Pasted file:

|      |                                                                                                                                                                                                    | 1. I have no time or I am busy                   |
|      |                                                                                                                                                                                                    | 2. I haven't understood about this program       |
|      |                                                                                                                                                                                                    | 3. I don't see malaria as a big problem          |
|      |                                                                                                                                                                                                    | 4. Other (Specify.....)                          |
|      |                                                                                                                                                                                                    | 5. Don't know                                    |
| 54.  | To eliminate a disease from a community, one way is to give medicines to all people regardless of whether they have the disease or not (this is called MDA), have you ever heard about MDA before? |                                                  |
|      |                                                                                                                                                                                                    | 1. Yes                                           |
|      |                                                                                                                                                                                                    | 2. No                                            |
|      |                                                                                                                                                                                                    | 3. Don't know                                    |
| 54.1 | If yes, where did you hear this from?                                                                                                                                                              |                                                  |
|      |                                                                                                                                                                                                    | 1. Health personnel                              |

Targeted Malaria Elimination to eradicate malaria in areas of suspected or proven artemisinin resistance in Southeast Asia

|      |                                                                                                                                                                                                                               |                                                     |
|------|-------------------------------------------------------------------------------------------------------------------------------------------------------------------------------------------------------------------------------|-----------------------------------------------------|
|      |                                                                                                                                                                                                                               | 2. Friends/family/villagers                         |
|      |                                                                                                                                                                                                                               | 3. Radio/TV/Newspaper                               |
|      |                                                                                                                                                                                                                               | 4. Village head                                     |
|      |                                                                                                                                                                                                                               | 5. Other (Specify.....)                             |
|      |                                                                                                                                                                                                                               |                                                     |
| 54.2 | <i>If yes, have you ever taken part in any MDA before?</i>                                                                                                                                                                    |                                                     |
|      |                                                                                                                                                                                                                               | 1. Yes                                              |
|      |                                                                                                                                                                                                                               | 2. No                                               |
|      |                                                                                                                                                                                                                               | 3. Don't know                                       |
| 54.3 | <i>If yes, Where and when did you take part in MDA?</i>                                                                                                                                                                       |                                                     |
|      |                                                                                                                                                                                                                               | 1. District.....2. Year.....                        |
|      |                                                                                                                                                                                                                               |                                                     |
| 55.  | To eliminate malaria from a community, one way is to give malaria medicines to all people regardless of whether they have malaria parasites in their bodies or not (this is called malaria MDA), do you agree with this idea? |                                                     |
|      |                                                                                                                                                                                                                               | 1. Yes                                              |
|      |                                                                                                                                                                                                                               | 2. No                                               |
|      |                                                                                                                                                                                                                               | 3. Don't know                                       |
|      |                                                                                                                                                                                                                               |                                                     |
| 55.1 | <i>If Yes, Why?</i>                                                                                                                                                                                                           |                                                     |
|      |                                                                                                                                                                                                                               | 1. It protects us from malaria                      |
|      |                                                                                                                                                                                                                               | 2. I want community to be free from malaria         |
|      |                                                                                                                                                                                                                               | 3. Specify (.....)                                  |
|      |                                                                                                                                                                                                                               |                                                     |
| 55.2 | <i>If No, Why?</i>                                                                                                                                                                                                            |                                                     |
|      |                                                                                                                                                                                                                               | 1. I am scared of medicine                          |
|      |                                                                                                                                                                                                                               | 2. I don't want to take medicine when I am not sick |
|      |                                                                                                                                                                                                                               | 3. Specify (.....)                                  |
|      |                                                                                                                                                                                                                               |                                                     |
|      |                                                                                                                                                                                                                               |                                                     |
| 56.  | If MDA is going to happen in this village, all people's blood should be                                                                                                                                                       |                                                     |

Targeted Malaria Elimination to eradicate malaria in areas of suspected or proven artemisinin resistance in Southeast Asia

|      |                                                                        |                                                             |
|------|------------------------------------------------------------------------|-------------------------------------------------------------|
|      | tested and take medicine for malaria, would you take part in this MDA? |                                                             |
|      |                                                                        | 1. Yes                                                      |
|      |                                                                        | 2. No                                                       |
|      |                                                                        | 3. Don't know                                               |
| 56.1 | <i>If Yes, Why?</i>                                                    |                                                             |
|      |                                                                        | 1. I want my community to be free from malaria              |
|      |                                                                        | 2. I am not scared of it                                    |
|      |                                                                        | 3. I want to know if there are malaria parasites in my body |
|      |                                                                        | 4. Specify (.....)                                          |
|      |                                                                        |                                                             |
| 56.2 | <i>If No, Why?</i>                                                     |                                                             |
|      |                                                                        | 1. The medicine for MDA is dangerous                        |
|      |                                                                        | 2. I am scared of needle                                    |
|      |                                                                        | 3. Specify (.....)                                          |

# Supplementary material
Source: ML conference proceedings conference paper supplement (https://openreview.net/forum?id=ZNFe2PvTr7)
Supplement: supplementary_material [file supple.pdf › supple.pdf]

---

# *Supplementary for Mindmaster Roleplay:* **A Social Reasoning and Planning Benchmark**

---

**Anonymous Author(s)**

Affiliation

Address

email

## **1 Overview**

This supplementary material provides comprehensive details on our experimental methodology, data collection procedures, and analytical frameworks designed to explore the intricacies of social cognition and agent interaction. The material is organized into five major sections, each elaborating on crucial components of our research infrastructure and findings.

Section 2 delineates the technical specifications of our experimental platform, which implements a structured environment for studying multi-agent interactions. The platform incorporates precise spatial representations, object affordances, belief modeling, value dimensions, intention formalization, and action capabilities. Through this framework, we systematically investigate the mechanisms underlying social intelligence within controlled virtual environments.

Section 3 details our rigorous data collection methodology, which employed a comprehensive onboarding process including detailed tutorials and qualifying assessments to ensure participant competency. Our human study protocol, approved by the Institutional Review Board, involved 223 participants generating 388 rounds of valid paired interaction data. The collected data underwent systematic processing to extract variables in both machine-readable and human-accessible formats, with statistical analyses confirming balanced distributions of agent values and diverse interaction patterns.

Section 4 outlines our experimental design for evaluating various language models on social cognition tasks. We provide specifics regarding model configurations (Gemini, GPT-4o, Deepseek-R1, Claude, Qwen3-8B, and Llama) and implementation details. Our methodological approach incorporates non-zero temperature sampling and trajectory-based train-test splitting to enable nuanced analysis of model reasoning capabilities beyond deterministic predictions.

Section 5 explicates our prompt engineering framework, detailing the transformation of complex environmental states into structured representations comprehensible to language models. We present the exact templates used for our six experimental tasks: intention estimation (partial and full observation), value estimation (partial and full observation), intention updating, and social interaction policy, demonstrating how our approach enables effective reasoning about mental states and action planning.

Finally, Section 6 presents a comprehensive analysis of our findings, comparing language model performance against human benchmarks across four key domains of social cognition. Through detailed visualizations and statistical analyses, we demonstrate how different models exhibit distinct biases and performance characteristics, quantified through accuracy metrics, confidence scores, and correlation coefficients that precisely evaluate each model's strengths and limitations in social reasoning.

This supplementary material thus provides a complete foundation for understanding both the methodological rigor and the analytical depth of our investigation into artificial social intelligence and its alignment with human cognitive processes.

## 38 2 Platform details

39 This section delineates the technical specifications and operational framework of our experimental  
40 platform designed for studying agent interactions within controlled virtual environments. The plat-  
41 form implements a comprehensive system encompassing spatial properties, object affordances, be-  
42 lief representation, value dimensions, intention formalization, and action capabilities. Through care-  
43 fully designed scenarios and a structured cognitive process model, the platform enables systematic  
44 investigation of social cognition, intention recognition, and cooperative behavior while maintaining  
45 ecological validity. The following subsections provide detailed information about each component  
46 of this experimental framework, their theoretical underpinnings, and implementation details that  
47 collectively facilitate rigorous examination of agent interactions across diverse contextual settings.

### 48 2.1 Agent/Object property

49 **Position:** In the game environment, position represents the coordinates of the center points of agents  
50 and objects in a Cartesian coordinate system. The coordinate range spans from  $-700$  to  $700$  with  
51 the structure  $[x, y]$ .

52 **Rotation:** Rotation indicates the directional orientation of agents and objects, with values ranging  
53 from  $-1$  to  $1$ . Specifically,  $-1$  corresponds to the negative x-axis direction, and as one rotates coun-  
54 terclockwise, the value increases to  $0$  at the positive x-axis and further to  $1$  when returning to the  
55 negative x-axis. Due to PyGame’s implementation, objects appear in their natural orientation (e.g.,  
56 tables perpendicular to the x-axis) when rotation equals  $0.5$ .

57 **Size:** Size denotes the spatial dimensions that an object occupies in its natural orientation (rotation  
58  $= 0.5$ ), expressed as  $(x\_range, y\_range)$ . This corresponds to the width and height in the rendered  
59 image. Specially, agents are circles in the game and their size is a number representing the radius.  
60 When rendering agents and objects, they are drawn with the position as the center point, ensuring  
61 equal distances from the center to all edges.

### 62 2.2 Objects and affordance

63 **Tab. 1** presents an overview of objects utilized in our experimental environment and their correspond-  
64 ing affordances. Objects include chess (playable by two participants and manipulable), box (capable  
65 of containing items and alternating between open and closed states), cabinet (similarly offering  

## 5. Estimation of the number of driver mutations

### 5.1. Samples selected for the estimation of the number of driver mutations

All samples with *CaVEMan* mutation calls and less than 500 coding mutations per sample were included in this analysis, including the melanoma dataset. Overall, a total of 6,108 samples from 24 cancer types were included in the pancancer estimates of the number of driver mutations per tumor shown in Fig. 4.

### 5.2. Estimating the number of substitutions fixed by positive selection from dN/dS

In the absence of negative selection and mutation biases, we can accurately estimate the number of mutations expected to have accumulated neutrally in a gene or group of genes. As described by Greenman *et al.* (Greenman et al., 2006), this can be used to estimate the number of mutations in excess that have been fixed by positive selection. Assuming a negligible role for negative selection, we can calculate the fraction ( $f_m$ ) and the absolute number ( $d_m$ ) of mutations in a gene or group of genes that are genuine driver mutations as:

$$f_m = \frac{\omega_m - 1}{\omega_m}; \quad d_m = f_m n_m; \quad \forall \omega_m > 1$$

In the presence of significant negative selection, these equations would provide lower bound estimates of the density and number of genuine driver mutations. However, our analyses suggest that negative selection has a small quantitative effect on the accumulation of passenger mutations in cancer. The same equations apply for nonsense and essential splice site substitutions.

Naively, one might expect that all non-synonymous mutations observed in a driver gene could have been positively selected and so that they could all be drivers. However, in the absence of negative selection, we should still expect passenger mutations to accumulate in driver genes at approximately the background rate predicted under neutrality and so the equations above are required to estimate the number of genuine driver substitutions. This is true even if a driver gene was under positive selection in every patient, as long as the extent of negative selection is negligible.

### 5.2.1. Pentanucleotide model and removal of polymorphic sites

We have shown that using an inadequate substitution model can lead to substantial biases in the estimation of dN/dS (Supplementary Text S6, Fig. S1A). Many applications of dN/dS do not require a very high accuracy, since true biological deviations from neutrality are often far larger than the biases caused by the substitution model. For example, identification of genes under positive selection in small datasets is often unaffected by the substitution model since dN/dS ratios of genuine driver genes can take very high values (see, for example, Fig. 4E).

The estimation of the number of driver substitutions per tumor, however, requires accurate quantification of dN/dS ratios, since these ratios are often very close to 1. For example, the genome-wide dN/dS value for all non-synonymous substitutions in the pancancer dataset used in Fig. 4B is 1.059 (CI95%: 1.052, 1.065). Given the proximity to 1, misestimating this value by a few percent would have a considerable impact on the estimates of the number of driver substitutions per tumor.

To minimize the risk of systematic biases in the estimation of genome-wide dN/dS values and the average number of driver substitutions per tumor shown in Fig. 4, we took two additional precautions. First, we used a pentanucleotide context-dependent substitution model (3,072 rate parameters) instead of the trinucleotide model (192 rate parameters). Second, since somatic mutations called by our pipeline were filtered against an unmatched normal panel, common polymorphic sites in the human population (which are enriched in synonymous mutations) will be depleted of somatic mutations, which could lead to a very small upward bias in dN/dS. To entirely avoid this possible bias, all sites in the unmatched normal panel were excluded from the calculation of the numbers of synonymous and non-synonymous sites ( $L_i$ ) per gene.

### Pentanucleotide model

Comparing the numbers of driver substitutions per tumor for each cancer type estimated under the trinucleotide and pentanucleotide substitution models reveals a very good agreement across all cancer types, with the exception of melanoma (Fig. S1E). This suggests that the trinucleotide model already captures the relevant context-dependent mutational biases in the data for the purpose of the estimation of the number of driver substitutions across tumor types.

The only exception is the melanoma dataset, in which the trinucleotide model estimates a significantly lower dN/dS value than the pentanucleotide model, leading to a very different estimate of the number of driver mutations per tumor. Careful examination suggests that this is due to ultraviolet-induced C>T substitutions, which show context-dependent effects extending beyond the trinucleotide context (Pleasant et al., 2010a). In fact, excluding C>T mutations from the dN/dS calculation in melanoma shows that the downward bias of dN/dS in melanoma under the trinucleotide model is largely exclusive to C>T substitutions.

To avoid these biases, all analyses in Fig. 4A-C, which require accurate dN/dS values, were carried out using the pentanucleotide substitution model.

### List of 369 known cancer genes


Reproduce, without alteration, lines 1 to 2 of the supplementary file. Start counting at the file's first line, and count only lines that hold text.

|      |                                                                                                                                                                                                    | 1. I have no time or I am busy                   |
|      |                                                                                                                                                                                                    | 2. I haven't understood about this program       |